Software updates are easy to roll out, but hardware upgrades on custom designs often require a major investment of time and money. A modular approach can speed up this process. In this article, congatec’s Dan Demers explains how.
Make slow progress or speed ahead with buy-in?
By Dan Demers, Director of Sales and Marketing – Americas, congatec
We are used to receiving software updates on-the-fly today. So why not utilize converged embedded computing platforms to upgrade our hardware? This would enable us to take direct advantage of the rapid development cycles of the computing, vision and AI industries.
There are plenty of examples on how to upgrade the hardware during running series production. In the medical sector, for instance, where medical devices even require certification. But it appears that some system developers have not yet learned how to consistently build computing core upgrades into their product development.
This is because full custom designs are still quite common. The integration of expensive navigation systems by premium vehicle manufacturers is a bad example of this. Although pretty and expensive, they are often much slower than the driver’s considerably cheaper mobile phone. Before the computer technology that’s installed in the vehicle gets used by the customer, it is usually already obsolete. Market acceptance for such monolithic solutions is therefore dwindling noticeably.
The problem of these manufacturers is anchored in the design principles of mass production, where every cent matters, but no attention is paid to the innovation cycle demanded by users. This has fatal consequences: If the computing part is entirely custom designed, an upgrade will in many cases require a redesign, where the ability to reuse blocks of the previous generation is limited. So all in all, we’re talking about a major investment to always deploy the latest computer technology in an application.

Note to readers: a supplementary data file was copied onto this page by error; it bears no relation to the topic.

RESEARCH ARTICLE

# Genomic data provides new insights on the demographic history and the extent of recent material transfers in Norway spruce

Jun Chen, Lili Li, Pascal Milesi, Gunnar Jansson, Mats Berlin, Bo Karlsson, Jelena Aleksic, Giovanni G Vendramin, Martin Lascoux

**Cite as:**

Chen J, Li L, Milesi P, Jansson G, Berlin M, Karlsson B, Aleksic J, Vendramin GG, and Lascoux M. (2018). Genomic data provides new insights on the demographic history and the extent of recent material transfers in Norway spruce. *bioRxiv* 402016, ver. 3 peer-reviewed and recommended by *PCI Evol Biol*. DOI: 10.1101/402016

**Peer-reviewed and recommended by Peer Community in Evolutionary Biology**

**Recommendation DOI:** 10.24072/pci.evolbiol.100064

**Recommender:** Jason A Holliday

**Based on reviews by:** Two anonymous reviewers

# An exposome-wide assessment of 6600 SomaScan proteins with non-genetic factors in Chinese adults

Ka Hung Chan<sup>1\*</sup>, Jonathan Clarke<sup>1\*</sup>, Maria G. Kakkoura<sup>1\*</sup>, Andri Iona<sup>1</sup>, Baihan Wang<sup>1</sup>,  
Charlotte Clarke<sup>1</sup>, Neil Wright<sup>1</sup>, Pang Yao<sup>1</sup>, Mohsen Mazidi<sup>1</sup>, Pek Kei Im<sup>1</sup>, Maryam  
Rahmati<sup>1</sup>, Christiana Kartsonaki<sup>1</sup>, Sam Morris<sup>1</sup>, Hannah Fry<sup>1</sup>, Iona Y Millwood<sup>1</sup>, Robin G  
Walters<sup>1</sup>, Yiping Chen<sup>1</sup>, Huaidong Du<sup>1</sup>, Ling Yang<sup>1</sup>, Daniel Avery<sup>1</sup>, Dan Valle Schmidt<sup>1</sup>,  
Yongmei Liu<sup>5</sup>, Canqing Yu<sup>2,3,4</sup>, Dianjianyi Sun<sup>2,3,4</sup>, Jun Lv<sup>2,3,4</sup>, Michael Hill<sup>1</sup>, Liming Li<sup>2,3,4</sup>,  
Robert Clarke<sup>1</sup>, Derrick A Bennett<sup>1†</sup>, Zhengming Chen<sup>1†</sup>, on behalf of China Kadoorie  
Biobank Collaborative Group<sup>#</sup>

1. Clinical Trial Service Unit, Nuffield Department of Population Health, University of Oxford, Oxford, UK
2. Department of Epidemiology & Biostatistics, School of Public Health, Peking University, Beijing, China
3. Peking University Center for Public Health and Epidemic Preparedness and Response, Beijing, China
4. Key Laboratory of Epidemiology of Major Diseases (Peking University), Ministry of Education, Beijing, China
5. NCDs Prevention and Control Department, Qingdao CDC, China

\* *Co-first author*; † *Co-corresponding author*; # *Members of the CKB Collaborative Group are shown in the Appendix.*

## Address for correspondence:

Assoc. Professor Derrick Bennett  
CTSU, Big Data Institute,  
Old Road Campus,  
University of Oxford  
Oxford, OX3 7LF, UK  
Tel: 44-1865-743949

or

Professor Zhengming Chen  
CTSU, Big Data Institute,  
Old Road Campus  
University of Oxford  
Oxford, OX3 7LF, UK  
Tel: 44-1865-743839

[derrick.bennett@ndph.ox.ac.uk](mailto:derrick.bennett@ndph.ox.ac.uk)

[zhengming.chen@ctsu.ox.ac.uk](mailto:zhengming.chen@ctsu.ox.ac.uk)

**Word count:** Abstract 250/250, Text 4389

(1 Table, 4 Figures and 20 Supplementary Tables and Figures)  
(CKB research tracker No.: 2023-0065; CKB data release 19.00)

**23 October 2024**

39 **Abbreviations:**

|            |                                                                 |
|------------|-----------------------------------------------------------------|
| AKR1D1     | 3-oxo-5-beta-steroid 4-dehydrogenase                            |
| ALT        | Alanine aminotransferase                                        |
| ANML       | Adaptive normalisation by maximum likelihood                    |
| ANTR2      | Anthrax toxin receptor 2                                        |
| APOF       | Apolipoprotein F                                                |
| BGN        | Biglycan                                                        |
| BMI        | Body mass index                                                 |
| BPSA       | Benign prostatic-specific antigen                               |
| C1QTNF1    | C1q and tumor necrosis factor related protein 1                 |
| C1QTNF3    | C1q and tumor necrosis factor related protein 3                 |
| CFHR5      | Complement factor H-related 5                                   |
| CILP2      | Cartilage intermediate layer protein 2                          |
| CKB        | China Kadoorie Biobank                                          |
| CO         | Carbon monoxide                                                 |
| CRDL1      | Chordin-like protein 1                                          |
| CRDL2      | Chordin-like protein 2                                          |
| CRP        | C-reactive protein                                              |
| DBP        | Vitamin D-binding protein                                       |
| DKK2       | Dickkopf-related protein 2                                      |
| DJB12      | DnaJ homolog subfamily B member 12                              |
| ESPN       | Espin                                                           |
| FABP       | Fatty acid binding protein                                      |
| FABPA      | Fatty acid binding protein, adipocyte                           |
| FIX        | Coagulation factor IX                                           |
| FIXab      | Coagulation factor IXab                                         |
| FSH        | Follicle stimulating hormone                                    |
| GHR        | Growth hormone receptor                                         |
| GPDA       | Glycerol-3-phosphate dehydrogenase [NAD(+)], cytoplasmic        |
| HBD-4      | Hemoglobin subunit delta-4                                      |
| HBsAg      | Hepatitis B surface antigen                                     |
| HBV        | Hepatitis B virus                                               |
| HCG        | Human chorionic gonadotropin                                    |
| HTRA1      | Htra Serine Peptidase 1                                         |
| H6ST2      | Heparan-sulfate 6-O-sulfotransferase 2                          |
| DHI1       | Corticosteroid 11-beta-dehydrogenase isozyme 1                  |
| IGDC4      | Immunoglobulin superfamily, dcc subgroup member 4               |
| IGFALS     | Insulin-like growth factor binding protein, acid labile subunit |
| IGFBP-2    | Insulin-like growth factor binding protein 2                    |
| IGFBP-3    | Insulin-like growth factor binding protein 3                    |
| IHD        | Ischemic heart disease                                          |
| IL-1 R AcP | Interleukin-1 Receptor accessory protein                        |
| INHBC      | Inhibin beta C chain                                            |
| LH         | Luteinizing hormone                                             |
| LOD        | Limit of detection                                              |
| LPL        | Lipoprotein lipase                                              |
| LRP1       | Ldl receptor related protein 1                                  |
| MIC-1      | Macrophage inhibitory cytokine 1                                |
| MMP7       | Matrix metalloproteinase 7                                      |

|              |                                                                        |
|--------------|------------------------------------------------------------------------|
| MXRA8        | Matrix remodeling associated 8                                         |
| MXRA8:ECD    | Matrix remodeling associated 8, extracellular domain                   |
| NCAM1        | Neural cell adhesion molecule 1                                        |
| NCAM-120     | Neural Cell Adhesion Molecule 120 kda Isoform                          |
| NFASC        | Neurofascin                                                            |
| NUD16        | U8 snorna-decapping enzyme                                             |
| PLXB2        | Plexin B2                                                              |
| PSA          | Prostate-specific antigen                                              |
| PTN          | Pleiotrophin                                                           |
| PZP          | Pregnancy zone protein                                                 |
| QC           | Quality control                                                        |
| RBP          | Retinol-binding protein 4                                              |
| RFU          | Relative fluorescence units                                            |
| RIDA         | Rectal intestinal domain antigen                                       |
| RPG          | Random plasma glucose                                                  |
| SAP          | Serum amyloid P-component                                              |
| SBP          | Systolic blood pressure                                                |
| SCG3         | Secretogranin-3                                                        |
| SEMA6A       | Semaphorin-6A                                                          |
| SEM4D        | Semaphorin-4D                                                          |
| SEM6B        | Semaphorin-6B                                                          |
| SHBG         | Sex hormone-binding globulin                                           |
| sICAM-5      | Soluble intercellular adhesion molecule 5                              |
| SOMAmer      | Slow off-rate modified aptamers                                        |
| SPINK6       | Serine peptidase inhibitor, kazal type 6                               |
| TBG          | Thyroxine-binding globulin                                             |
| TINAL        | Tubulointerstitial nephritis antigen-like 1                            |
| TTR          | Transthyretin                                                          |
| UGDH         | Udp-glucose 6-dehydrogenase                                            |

But there’s another way: To avoid having to reinvent the wheel every time, the Computer-on-Module concept was developed at the end of the 90s. Modular approaches had existed before then, but it is only since the Computer-on-Module concept emerged, that modules stopped being proprietary and became available as standardized components from numerous providers.
congatec offers SFF Computer-on-Modules for all leading standards: SMARC 2.0, Qseven, COM Express Mini and COM Express Compact modules.
Computer-on-Modules are available in different designs. For low-power CPUs such as Intel Atom, AMD G-Series or the ARM i.MX6 and i.MX8 platforms from NXP, the Qseven and SMARC Computer-on-Module standards are particularly suitable. For higher computing power and interface demands, COM Express is the best standard. COM Express Type 6 modules support fast CPUs, like the AMD V1000 or the latest Intel Core processors.
Type 7 was defined for edge server processors and 10 Gbit Ethernet support; however, in true server fashion, it no longer supports any video interfaces. The upcoming PICMG COM-HPC standard will support even faster interfaces. The specification is due to be published in 2019, with first products expected in 2020.